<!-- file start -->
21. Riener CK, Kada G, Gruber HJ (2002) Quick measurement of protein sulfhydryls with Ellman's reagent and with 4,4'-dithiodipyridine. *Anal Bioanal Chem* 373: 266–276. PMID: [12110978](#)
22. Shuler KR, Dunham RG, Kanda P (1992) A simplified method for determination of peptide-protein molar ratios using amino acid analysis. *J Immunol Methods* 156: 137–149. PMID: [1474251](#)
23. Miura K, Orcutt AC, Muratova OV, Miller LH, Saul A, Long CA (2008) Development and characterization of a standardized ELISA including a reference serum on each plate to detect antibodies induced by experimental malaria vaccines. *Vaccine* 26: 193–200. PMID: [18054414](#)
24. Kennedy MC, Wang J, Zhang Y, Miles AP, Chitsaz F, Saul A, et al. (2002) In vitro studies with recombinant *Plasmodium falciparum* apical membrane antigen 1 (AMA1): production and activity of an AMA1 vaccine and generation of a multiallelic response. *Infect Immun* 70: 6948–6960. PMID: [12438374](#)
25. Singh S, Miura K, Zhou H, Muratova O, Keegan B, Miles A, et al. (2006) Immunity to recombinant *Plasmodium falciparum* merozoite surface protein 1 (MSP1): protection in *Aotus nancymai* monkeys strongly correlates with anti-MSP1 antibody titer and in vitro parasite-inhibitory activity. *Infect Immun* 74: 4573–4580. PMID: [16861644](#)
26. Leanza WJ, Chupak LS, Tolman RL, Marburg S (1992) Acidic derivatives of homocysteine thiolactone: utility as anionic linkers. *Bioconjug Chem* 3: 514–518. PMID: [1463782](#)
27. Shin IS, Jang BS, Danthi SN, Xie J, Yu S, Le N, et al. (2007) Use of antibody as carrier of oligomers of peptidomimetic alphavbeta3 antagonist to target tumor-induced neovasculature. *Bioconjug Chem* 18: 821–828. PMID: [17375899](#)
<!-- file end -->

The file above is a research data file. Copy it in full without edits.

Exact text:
21. Riener CK, Kada G, Gruber HJ (2002) Quick measurement of protein sulfhydryls with Ellman's reagent and with 4,4'-dithiodipyridine. *Anal Bioanal Chem* 373: 266–276. PMID: [12110978](#)
22. Shuler KR, Dunham RG, Kanda P (1992) A simplified method for determination of peptide-protein molar ratios using amino acid analysis. *J Immunol Methods* 156: 137–149. PMID: [1474251](#)
23. Miura K, Orcutt AC, Muratova OV, Miller LH, Saul A, Long CA (2008) Development and characterization of a standardized ELISA including a reference serum on each plate to detect antibodies induced by experimental malaria vaccines. *Vaccine* 26: 193–200. PMID: [18054414](#)
24. Kennedy MC, Wang J, Zhang Y, Miles AP, Chitsaz F, Saul A, et al. (2002) In vitro studies with recombinant *Plasmodium falciparum* apical membrane antigen 1 (AMA1): production and activity of an AMA1 vaccine and generation of a multiallelic response. *Infect Immun* 70: 6948–6960. PMID: [12438374](#)
25. Singh S, Miura K, Zhou H, Muratova O, Keegan B, Miles A, et al. (2006) Immunity to recombinant *Plasmodium falciparum* merozoite surface protein 1 (MSP1): protection in *Aotus nancymai* monkeys strongly correlates with anti-MSP1 antibody titer and in vitro parasite-inhibitory activity. *Infect Immun* 74: 4573–4580. PMID: [16861644](#)
26. Leanza WJ, Chupak LS, Tolman RL, Marburg S (1992) Acidic derivatives of homocysteine thiolactone: utility as anionic linkers. *Bioconjug Chem* 3: 514–518. PMID: [1463782](#)
27. Shin IS, Jang BS, Danthi SN, Xie J, Yu S, Le N, et al. (2007) Use of antibody as carrier of oligomers of peptidomimetic alphavbeta3 antagonist to target tumor-induced neovasculature. *Bioconjug Chem* 18: 821–828. PMID: [17375899](#)